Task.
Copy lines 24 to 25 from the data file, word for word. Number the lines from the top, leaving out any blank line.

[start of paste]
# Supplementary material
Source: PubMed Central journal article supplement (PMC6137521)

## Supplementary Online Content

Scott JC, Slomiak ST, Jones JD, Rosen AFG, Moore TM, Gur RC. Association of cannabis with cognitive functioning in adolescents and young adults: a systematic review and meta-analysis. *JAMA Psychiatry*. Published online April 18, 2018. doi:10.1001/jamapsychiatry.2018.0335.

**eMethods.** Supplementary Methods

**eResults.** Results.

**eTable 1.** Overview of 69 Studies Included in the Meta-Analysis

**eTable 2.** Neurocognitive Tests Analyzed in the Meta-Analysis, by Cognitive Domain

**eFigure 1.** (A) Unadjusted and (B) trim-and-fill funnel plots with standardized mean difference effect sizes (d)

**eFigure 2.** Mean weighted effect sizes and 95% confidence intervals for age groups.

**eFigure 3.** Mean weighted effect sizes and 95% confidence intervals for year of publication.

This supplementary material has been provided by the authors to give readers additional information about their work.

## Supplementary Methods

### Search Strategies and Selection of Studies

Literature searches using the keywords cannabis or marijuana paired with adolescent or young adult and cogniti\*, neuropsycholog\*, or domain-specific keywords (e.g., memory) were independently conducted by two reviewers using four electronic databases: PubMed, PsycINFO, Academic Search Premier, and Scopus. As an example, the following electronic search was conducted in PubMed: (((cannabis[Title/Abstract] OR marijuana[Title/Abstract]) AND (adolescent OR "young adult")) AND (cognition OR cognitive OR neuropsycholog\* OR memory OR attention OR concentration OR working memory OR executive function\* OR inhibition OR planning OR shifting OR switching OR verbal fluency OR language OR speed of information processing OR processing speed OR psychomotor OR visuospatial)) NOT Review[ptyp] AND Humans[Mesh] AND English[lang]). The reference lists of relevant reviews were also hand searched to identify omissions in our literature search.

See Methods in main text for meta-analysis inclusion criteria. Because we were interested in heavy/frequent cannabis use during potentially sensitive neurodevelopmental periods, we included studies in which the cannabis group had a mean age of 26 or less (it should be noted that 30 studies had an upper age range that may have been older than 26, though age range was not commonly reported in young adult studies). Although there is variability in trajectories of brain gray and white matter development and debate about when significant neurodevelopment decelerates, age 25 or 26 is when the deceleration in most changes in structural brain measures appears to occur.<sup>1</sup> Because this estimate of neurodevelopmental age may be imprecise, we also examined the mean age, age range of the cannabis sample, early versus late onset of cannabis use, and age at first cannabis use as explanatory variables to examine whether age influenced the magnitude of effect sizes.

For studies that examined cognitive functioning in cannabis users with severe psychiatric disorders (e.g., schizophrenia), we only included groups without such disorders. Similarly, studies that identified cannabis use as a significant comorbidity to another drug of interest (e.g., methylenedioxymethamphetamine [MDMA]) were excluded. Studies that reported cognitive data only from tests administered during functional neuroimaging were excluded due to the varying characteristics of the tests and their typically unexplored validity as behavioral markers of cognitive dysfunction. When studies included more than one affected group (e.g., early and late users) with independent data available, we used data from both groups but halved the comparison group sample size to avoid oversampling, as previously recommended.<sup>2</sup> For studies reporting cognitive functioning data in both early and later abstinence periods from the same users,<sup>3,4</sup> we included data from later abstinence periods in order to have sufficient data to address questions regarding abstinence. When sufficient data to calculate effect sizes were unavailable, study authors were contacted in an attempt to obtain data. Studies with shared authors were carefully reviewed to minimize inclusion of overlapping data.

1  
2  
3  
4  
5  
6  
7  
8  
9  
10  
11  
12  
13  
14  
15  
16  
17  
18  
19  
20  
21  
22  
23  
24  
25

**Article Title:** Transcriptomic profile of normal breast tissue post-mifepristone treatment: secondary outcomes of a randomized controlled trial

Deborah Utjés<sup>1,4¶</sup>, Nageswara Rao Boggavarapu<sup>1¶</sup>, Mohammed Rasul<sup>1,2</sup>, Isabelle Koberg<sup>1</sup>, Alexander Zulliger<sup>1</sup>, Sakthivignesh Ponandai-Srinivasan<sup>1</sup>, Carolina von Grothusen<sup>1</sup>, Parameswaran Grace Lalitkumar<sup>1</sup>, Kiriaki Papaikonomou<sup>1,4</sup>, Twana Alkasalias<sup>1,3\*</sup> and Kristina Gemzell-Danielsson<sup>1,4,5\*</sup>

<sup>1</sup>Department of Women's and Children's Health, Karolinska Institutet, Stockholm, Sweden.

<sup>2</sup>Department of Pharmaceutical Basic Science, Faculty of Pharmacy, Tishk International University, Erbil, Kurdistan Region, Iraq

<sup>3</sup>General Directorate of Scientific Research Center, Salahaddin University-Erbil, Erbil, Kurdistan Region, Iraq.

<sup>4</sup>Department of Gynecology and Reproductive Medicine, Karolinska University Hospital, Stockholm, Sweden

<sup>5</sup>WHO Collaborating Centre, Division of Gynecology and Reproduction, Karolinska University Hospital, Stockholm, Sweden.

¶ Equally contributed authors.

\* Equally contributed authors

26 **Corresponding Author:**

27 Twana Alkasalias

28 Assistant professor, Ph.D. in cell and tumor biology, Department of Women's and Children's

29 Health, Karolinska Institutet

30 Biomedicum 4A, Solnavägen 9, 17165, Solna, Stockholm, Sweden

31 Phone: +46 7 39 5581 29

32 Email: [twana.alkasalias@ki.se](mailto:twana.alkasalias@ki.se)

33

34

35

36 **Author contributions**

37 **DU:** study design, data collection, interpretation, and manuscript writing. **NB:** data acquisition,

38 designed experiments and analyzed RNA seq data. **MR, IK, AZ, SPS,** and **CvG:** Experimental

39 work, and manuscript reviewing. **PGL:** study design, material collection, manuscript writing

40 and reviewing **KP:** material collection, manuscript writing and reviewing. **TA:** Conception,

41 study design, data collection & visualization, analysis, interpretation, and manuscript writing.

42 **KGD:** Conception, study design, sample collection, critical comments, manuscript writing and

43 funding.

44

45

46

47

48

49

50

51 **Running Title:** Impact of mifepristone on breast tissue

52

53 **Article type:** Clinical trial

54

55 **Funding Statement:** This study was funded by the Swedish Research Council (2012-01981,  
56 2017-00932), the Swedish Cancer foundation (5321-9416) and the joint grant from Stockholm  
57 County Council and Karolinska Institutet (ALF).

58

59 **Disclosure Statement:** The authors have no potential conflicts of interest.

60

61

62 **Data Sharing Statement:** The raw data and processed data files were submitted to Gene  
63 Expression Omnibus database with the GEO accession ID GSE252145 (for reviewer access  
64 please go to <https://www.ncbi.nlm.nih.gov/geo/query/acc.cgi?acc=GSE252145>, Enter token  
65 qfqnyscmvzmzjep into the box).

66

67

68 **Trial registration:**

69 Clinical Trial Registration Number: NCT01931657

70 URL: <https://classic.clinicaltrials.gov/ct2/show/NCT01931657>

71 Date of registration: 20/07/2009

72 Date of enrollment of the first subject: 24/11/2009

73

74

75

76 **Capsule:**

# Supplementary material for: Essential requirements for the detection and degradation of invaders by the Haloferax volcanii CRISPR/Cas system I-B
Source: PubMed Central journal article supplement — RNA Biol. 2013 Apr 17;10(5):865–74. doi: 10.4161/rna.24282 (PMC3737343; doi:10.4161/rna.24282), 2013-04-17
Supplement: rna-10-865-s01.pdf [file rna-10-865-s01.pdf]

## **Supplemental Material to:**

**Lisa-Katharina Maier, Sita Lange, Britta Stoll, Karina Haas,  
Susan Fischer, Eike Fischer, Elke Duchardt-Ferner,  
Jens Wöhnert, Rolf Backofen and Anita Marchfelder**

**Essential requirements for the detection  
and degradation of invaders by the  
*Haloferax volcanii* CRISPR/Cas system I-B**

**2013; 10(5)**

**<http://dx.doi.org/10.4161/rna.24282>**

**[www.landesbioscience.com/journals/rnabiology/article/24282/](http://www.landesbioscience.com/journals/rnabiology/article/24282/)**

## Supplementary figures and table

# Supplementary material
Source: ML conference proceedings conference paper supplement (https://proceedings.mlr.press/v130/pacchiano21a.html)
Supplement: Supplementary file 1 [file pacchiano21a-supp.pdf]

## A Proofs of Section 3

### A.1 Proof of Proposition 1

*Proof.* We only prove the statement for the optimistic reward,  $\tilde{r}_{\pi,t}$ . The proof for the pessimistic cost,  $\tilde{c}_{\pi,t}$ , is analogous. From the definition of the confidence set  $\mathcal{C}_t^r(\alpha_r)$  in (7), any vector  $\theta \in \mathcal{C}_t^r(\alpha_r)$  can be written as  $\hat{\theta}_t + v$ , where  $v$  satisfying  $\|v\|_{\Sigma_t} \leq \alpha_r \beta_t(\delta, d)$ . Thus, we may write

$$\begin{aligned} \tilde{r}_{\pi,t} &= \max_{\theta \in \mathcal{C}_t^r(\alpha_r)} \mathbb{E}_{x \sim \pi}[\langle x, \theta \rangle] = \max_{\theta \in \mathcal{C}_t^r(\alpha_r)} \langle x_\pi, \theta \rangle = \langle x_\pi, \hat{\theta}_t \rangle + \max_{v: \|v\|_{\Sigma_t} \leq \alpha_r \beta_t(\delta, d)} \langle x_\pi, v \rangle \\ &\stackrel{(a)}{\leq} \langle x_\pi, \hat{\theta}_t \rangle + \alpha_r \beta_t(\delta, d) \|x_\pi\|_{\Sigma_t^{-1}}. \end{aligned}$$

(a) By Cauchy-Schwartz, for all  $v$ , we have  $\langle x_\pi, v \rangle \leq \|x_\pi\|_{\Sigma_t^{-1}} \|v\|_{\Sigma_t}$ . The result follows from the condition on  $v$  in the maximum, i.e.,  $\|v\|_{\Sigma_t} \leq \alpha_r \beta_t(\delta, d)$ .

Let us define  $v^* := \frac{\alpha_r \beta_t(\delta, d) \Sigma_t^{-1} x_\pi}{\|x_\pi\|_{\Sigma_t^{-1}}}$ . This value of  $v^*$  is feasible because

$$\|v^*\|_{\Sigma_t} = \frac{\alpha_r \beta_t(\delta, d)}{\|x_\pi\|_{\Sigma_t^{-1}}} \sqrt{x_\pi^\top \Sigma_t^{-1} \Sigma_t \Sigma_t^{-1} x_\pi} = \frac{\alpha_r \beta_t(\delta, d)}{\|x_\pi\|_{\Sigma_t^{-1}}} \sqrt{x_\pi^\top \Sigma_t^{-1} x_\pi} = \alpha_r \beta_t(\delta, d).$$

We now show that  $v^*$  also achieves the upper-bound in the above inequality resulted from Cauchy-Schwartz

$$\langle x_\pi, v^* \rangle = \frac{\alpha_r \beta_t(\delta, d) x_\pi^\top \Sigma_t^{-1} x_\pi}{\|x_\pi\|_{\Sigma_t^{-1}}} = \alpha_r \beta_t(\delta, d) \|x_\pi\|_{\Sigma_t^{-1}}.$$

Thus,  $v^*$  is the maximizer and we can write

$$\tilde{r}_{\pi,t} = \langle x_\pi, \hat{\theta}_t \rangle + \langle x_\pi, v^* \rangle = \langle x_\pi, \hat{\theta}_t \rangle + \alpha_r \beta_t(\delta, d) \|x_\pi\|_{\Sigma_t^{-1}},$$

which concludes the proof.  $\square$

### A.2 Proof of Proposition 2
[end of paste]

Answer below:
7  
8  